is mastery making fewer mistakes?
How often do I listen to my own questions? Lately, I hope that I am doing so more, but I am still learning. It is hard for me not to believe that patience in inquiry is one of the great secrets of a master, but I have not attained mastery.
Lately, as I learn more, I want to speak less and listen more. Either way, practice--not preaching--seems to be the more effective path to mastery.
Shi zu shares, in his Reflections, comments that Bruce Lee was murdered. Assassinated. I did some online research about the circumstances of his death, taking in the details but not considering the context. I couldn't understand this.Who would want to kill a harmless hero?
I asked Shi zu this question before a class. He responded passively--not dismissively, but without any contention. It seemed at first like Shi zu was not going to answer, but later (after I continued to read the Reflections) I read his answer. It was already somewhere for me to find; all I had to do was turn a couple more pages in the same book that made me ask the question! If I had held the question for a time, rather than ask it immediately and accept the first (or best-sounding) answer, I would have found the answer for myself. Self-sufficiency is not the point; discovering one’s own abilities are, since such discoveries are the root of personal growth.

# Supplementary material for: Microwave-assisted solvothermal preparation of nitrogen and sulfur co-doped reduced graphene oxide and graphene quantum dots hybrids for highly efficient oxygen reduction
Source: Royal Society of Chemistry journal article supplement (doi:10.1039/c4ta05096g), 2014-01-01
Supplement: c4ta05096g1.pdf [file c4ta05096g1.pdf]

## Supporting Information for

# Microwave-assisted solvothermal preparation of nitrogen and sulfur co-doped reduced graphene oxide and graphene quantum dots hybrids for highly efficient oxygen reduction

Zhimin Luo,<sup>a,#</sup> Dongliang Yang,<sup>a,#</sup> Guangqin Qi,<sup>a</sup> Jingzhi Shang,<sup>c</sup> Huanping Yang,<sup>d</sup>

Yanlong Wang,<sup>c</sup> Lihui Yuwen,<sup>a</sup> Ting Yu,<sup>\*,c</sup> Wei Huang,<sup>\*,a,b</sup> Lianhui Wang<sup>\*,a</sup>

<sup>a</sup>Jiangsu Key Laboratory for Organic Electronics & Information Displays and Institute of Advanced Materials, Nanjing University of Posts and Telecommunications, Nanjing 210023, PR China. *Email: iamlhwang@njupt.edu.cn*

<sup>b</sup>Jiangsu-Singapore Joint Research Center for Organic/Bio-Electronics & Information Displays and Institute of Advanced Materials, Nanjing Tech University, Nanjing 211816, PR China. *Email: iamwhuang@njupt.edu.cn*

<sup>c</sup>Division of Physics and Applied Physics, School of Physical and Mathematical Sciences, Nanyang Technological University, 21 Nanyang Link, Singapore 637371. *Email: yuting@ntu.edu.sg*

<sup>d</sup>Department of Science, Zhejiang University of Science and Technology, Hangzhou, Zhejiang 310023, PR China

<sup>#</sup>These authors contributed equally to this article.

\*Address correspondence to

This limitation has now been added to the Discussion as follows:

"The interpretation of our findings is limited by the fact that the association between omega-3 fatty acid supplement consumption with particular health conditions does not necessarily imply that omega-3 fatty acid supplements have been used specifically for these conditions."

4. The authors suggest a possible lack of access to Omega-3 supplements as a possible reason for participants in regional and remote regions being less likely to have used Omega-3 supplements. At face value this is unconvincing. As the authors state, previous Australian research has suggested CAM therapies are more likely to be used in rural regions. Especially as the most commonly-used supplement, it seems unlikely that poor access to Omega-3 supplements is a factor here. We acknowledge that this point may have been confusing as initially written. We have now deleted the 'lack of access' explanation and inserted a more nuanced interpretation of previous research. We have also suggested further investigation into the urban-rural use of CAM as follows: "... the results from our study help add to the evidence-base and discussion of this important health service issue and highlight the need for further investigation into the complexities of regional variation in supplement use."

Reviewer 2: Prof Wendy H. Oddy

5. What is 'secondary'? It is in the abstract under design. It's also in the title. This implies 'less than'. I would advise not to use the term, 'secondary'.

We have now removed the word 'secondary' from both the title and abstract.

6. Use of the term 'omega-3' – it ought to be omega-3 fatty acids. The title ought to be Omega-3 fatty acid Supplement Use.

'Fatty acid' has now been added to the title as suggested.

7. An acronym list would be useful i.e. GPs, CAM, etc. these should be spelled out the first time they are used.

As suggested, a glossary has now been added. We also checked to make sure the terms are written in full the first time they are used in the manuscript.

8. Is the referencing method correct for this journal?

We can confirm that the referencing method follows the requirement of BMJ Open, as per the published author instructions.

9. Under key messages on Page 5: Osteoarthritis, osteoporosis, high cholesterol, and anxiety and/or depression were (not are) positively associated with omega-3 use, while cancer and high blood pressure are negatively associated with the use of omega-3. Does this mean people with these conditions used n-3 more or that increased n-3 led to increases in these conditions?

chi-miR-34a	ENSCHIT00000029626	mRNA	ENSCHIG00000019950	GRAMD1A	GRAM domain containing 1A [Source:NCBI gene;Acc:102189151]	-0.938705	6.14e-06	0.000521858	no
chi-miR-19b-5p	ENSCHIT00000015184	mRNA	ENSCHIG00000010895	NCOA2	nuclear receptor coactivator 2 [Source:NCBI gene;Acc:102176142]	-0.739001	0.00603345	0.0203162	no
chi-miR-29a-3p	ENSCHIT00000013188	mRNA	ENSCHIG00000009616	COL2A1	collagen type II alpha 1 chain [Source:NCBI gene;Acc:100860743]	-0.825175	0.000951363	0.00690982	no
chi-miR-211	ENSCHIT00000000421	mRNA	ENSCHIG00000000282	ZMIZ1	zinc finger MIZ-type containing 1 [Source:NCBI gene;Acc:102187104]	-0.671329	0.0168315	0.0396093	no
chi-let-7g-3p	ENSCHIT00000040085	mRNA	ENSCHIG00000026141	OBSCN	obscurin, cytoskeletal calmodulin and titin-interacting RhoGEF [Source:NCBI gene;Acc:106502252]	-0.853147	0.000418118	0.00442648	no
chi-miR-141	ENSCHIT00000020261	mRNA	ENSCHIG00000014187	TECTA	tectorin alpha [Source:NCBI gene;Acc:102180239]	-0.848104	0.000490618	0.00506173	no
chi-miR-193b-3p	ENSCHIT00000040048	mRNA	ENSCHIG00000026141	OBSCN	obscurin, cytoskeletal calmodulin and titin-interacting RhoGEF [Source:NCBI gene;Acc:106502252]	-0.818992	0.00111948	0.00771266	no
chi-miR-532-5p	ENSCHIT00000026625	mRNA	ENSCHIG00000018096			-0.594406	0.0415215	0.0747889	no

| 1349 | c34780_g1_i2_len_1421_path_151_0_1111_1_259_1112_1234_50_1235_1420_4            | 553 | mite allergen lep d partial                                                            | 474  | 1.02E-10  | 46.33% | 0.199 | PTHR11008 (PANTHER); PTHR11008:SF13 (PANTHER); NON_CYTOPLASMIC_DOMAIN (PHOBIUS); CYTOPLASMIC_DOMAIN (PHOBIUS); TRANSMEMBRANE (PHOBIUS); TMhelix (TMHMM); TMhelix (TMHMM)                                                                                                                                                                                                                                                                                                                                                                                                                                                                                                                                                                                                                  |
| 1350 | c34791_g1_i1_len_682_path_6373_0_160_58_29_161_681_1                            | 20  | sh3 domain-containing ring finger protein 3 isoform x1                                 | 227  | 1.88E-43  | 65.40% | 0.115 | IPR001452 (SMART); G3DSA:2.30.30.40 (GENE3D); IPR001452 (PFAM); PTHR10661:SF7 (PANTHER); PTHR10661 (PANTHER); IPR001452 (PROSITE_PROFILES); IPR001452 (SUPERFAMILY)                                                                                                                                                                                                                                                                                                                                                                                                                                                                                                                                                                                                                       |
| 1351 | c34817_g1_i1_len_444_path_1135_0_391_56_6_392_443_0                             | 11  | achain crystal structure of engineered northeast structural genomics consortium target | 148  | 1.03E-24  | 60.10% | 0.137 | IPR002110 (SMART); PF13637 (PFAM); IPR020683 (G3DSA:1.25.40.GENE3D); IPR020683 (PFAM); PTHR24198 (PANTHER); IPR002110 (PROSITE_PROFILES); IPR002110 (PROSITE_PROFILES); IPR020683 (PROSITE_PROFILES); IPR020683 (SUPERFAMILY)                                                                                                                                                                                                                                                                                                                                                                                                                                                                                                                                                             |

Answers are all here to be found, but they begin to look less like nuggets of gold than they do plain stones. People possess gold, but often it ends up possessing them. Plain stones seem unremarkable, but they can be used as stepping-places to get across rivers and streams.
Impatience causes wasted effort, thwarts discovery—just like training too hard causes injury, while too soft stunts growth. So, I will hold thoughts like stones in my hand, let it help guide me. I won’t cling to it like some rare treasure that I might lose—if it turns out to be true, what value does it have trapped in my hand? If it is false, how can I use it to redirect my efforts?
I have some ideas how to do this, but let me play with them before I say anything more.